ABC toes foul line with its Lakers-Celts history focus
EmptyTo promote the upcoming Lakers-Celtics showdown, ABC and ESPN will heavily retail nostalgia from the team's legendary 1980s rivalry.
But will it be enough to revive what has recently been moribund interest in the NBA Finals?
On Monday, the networks said that ESPN will air today in its entirety — on the flagship net and in primetime — the final game of the 1987 Lakers-Celtics series, the last time the teams met in the postseason and a series won by Los Angeles. ABC also will work bumpers, interstitials and other material from the Magic Johnson-Larry Bird era into its broadcast of the 2008 Finals that begins Thursday night.
"We're not reaching back to the future," said Norby Williamson, executive vp production at ESPN. "But we do have an obligation to educate." (The Lakers and Celtics met three out of the four years between 1984 and '87, with Los Angeles winning twice.)
For ABC and ESPN, it's a bet that last year's 6.2 household rating for the San Antonio Spurs' sweep of the Cleveland Cavaliers — the lowest for the Finals in at least a quarter century — can be significantly goosed with the help not just of big market teams but a historic rivalry.
ESPN execs were as close to gleeful as they could be during a Monday conference call. "You don't get the best matchup every year," said John Skipper, exec vp content at ESPN. "This year we got it."
But for a league trying fervently to attract younger viewers, it also needs to be careful not to overdo the glory-days element. Any teenage fan, after all, wasn't even born the last time the teams played each other for a title.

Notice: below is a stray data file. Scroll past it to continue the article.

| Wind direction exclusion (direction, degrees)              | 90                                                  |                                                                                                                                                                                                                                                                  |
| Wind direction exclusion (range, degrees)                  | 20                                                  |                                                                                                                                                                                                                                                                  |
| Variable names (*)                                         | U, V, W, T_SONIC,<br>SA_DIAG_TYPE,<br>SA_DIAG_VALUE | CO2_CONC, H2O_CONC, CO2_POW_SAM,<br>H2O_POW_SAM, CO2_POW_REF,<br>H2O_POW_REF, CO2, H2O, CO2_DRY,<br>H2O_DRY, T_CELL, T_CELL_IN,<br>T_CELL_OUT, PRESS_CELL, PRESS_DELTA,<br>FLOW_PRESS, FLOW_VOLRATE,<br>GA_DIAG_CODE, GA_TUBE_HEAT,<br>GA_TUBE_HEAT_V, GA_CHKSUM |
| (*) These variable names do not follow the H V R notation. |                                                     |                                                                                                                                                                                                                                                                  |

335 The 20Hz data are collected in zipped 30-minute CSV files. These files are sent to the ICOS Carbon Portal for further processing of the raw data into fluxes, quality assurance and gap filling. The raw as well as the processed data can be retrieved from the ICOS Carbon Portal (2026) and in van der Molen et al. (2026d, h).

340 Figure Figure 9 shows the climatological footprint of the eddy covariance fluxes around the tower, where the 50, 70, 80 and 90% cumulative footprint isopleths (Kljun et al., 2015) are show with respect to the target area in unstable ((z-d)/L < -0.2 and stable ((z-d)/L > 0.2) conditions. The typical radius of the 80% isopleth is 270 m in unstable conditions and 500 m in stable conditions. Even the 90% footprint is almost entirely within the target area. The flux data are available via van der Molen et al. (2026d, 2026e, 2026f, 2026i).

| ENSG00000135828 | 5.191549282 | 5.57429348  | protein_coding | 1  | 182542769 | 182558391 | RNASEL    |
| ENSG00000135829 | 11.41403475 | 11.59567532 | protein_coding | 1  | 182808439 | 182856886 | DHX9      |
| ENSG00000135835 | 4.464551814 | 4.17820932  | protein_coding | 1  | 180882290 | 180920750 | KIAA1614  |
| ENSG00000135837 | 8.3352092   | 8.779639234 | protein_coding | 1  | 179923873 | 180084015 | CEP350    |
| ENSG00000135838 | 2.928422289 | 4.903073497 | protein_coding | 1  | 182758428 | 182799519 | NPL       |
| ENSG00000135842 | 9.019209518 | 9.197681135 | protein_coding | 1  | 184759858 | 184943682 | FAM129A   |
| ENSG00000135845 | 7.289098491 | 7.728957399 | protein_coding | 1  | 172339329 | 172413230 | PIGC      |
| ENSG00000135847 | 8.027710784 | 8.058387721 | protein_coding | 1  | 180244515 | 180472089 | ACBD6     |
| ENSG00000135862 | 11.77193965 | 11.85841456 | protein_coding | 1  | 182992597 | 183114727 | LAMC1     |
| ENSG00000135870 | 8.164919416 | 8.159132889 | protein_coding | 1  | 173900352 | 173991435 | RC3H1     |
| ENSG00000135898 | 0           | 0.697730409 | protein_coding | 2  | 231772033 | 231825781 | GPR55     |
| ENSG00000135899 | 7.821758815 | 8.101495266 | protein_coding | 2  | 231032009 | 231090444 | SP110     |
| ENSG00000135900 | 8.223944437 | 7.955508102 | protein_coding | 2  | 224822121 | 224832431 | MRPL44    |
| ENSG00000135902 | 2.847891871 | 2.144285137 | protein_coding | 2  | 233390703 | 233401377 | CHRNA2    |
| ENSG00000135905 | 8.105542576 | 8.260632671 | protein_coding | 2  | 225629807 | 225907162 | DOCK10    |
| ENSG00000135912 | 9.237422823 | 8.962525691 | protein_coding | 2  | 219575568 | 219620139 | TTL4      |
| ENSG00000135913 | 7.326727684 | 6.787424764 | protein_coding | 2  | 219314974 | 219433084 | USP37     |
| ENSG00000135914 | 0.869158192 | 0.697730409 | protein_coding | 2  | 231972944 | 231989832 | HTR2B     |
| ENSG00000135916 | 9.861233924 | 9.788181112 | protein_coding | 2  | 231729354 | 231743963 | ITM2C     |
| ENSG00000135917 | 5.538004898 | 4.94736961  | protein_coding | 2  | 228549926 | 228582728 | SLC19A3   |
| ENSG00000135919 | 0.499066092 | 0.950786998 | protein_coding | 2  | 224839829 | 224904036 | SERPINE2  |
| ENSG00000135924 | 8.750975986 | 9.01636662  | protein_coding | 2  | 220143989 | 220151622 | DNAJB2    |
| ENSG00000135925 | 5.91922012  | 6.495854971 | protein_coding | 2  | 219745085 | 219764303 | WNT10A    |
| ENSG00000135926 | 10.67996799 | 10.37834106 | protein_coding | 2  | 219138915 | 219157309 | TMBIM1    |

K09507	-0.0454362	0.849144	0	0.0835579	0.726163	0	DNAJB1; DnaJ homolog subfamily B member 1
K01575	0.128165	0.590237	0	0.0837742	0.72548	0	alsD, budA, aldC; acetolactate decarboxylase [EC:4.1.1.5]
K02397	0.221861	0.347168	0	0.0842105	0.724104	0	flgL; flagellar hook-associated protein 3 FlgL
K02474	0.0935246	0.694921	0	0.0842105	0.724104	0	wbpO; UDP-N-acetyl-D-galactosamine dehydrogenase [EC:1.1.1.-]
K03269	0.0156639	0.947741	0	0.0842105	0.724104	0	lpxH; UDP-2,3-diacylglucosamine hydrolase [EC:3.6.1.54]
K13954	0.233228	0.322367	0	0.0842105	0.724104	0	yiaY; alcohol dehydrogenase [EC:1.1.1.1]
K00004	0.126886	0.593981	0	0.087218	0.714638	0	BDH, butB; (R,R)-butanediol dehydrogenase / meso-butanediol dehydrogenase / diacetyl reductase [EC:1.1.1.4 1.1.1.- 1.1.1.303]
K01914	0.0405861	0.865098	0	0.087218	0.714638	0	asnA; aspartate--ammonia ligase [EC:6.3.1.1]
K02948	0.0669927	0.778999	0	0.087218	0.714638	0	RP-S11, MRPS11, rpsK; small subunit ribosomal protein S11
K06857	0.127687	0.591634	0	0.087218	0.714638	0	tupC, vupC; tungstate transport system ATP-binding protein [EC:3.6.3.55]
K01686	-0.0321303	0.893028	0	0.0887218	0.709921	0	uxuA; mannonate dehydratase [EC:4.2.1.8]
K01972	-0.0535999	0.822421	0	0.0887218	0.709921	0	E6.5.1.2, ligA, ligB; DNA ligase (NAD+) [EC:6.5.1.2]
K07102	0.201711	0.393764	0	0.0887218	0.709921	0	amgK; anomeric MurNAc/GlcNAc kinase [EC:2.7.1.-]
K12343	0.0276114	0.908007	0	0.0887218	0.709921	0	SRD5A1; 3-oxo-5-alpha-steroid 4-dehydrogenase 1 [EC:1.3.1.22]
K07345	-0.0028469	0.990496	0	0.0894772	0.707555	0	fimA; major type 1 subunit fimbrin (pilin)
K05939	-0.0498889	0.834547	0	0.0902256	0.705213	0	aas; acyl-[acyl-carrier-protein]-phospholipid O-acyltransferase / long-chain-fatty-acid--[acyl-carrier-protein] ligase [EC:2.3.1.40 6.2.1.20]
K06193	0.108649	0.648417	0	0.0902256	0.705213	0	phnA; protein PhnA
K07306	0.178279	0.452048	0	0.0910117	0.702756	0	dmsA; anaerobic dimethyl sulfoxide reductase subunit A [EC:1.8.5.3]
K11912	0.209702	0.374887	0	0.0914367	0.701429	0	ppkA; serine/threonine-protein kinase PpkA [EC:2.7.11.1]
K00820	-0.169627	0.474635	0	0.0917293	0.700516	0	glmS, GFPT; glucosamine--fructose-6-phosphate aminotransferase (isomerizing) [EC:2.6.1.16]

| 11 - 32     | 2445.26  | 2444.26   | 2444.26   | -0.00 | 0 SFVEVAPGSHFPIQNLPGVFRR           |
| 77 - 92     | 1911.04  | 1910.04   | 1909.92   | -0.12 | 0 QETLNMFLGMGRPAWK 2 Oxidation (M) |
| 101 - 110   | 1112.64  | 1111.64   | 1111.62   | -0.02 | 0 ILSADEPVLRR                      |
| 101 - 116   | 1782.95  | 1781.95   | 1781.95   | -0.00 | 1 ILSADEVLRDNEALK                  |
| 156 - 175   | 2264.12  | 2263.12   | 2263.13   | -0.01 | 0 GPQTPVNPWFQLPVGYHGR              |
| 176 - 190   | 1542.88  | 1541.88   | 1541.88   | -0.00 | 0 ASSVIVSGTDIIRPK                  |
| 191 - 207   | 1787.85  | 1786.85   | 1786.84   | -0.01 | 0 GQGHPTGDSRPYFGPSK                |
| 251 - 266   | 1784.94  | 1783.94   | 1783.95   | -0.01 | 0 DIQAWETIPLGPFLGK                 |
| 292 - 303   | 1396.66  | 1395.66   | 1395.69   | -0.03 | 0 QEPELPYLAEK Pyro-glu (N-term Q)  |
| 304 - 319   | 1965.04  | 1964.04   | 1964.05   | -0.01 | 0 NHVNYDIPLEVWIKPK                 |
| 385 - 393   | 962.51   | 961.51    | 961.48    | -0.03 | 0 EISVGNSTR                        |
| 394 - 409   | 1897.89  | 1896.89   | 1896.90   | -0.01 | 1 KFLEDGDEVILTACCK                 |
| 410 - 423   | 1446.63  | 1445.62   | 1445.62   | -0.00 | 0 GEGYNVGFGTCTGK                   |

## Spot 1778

Execs acknowledged a dance along the out-of-bounds line. "It's all about the mix," Williamson said. "You don't try to get the 60-year-old at the expense of the 15-year-old, and you don't try to get the 15-year-old at the expense of the 60-year-old."
The matchup between the teams with the Hollywood glitz and the New England intensity could also be more than just a ratings driver.
Experts say that after years of weak results marketing individual stars — the profile of such up-and-comers as LeBron James and Dwayne Wade hasn't translated into increased viewership — this year's matchup gives the NBA an opportunity to play to its more traditional strength.
"As a league they've hitched their wagons to individuals, and that hasn't gone so well," USC professor and sports consultant David Carter said. "This is a great opportunity for the NBA to pull back and focus on team brands again. The league can reposition its marketing messaging."
The stakes are equally high for ABC/ESPN; the networks, along with TNT, renewed their pro hoops contract last year for a deal that will run through 2015-16 at a reported cost of $7.6 billion.
Some forecasts estimate the household rating for the finals between a 10 and 12, depending on how close the games are and how long the series goes. If it hits the high end of that range —a result execs say is plausible given the ratings rebound during the regular season — it would mark the best number since the Lakers-Philadelphia 76ers series of 2001 (12.1) though still well shy of the midteen numbers the '90s Bulls and '80s Lakers series regularly generated. (The 1987 Lakers-Celtics Finals, for instance, averaged a 16.7 household rating.)
The expectation also ups the pressure on ABC to make this a blowout year. "If the numbers don't get into the double digits, they won't have the excuse of being able to say they didn't have the right teams," one sports insider said.
A significant amount of revenue will be on the line. The average 30-second spot in the NBA Finals will go for $350,000-$450,000 each, an increase from last year despite last year's low ratings. Still, the net sold many of its spots before the matchup was known, which could result in it leaving money on the table.
"Like the Super Bowl and other big sporting events, you don't know who's in the Finals (before selling)," a buyer said. "I think if this (known) was a while ago, they'd have a chance to drive up the price."
ESPN ad sales chief Ed Erhardt said that most of the inventory already has been sold but added that some had been held back. "There is late money that will show up," he said. "It's the best show on television right now." (partialdiff)